Definition of boiling point in English:

boiling point

noun

  • 1The temperature at which a liquid boils and turns to vapour:

    ‘pour in the water (not at boiling point but just below)’
    [in singular] ‘a liquid with a high boiling point’
    • ‘Strictly speaking a gas is a substance at a temperature above its boiling point.’
    • ‘The flask is then heated to a temperature above the boiling point of the liquid.’
    • ‘Accordingly, the boiling points of alkali metals also decrease down the group.’
    • ‘As molecular mass increases, for example, the boiling point of a liquid will also increase.’
    • ‘The boiling point of an alcohol is always higher than the hydrocarbon from which it is derived.’
    • ‘That restricts its operating temperature to below the boiling point of water.’
    • ‘Because the liquid nitrogen is already at its boiling point, it immediately, and very vigorously, boils.’
    • ‘It is the same as the boiling point of the liquid.’
    • ‘Weak hydrogen bonding elevates their boiling points.’
    • ‘Due to their relatively high boiling points, essential oils are usually obtained by steam distillation or co-distillation with water.’
    • ‘Radon condenses to a clear, colorless liquid at its boiling point and then freezes to form a yellow, then orangish red solid.’
    • ‘Propellants are liquified gasses which have a low boiling point and vapor pressure high enough to expel the concentrate from the container.’
    • ‘Different liquids have different boiling points due to their chemical make up.’
    • ‘As a result, the boiling points of aldehydes are considerably lower than the boiling points of corresponding alcohols.’
    • ‘The boiling point of a liquid depends on both temperature and pressure.’
    • ‘Cato Maximilian Guldberg had already predicted, on theoretical grounds, that the freezing points, boiling points, and vapour pressures of solutions should all change at the same rate with increasing concentration.’
    • ‘Evaporation is the change from liquid to vapor phase at a temperature below the boiling point of the liquid.’
    • ‘The strong forces that hold ions together cause ionic compounds to have higher melting and boiling points than covalent compounds.’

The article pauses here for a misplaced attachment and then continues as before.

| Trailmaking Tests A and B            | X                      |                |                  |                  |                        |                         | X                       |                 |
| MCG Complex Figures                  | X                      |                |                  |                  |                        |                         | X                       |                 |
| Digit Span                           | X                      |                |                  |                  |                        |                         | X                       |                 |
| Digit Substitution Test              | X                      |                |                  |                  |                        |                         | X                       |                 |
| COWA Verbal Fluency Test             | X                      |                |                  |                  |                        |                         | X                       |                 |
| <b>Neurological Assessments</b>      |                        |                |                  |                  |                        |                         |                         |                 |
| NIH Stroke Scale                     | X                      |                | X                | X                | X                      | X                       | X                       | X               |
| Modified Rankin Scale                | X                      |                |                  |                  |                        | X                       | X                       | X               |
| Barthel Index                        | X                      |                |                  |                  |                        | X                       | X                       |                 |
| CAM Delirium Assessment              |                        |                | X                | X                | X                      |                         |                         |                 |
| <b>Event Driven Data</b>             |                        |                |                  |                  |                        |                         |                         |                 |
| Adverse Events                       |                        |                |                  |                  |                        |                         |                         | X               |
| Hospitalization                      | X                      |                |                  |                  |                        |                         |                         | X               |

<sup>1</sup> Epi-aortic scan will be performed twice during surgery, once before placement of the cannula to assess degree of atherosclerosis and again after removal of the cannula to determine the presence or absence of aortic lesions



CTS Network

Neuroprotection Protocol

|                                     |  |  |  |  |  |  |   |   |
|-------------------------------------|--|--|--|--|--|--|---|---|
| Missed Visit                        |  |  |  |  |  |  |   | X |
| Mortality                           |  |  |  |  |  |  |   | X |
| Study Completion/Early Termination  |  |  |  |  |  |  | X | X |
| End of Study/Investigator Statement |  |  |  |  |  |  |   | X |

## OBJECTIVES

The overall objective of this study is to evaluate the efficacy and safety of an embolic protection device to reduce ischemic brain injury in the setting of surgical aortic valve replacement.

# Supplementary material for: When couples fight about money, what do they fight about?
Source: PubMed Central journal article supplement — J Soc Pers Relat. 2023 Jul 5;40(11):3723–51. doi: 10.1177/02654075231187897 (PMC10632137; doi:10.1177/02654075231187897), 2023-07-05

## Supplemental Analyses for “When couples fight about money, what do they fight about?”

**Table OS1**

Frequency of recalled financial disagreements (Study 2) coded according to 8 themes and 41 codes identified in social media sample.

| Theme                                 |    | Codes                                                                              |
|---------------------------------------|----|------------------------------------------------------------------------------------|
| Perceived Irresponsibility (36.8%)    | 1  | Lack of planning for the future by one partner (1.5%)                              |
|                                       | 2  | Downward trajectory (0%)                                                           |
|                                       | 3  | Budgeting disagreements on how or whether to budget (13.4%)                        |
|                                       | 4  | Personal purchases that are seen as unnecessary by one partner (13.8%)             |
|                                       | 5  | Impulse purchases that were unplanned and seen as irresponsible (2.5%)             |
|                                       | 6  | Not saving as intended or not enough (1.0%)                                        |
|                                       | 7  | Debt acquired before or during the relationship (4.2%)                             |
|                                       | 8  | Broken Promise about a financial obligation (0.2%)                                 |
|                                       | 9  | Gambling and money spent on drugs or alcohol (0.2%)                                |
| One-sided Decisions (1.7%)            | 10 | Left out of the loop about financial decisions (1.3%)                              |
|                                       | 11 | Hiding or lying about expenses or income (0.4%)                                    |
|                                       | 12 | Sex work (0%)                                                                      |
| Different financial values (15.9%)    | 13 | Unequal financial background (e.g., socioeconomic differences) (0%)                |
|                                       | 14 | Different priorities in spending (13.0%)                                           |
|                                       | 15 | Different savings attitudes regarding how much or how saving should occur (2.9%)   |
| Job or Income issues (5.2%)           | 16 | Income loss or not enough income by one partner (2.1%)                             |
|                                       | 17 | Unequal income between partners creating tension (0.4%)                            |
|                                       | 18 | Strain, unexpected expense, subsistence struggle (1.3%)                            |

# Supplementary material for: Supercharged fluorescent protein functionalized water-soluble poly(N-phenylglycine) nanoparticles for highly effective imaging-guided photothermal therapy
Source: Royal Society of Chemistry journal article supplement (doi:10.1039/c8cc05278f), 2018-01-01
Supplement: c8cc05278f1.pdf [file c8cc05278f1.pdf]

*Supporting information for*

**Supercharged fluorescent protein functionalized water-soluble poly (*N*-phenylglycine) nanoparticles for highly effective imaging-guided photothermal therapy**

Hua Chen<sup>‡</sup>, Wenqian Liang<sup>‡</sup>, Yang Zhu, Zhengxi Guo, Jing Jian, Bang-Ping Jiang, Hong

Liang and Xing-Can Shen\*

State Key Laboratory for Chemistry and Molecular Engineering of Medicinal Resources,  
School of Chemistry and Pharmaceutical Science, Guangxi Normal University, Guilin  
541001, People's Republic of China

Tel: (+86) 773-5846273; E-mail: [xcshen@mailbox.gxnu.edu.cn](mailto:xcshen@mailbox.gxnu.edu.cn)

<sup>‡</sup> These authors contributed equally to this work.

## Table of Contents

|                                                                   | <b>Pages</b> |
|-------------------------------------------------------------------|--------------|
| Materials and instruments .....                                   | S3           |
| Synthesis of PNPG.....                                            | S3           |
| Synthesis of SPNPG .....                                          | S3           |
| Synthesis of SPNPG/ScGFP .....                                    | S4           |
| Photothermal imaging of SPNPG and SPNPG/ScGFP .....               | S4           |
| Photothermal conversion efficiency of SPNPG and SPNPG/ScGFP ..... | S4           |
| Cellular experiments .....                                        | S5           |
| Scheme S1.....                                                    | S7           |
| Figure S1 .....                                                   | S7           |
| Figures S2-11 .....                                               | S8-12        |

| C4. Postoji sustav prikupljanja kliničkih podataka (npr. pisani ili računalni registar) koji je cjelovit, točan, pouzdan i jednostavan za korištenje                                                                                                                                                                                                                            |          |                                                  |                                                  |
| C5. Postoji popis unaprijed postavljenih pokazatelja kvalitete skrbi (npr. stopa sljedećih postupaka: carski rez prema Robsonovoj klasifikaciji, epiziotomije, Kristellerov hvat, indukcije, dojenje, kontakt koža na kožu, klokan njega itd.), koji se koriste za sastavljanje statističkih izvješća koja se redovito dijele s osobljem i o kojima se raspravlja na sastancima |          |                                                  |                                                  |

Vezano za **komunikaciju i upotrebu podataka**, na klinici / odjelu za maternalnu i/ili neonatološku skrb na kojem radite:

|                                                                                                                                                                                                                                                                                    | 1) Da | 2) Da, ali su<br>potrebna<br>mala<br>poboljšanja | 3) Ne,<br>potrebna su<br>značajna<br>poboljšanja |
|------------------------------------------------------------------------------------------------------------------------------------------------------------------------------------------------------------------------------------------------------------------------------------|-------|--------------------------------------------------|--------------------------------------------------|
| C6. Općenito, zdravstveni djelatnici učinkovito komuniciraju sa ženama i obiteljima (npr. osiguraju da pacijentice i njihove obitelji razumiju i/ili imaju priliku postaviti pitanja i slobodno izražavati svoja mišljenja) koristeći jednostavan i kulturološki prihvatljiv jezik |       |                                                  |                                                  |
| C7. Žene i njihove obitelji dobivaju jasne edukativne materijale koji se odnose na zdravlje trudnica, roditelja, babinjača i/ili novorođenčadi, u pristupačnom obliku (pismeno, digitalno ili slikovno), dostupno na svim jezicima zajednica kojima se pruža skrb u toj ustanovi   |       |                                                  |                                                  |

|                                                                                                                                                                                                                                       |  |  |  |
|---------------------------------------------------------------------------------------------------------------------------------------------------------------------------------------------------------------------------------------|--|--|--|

• ‘Of course, there is some overlap of the boiling points and molecular size for these fractions.’
    • ‘If the melting point is below this temperature and the boiling point is above it then the chemical is a liquid at standard temperature and pressure.’
    1. 1.1 The point at which anger or excitement breaks out into violent expression:
      ‘emotions had reached boiling point and could spill over into violence’
      ‘racial tension surged to boiling point’
      • ‘An ownership battle followed, reaching a boiling point earlier this year when he issued eviction notices to the residents without any prior warning.’
      • ‘Deliberately leading a herd to a neighbor's land was outrageous, and talking about it brought his anger to the boiling point.’
      • ‘The Police this week called off a community meeting before it began, as it appeared that emotions had reached boiling point and could spill over into violence.’
      • ‘Just watching him made my anger rise to near boiling point.’
      • ‘My frustration with the entire situation has finally reached a boiling point.’
      • ‘Sidney Lumet's film is a thriller in the classic sense and slowly builds tension to boiling point.’
      • ‘I was about to see Acorn Antiques the musical and had gone with my friend Mouse who is the only person I know whose excitement levels can reach boiling point.’
      • ‘In Chile the crisis reached a boiling point in August.’
      • ‘Way back, before I was born, there was a situation that brewed to a boiling point in California and created a very bizarre segment of American history.’
      • ‘The good doctor's role seems to be to push Dave to the boiling point, allowing him to vent all the pent-up anger within his repressed soul.’
      • ‘This move will just add to the pressure, and our collective psyche will reach boiling point.’
      • ‘The group will be entering a country where political tensions threaten to reach boiling point, with looming elections and bitter infighting.’
      • ‘The issue should have been decisively dealt with some time ago, rather than having been allowed to simmer until it reached boiling point, as appears to be the case right now.’
      • ‘Public anger reached boiling point when, in March 2001, it announced plans to close up to 10 schools.’
      • ‘His anger was reaching the boiling point, his new-found control quickly vanishing.’
      • ‘The simmering social tensions reached boiling point when two young men were shot and killed after hundreds of workers were involved in a blockade of the city's major roads.’
      • ‘The sick result of the government's policy is to increase the pressures in such families to boiling point, leading in some cases to violence.’
      • ‘Tensions reached a boiling point when Linda stormed out of an ethnographer's meeting.’
      • ‘Alicia stared at him, her anger reaching boiling point.’
      • ‘Travis read the tidbits of information as anger filled him to the boiling point.’

Pronunciation:

boiling point

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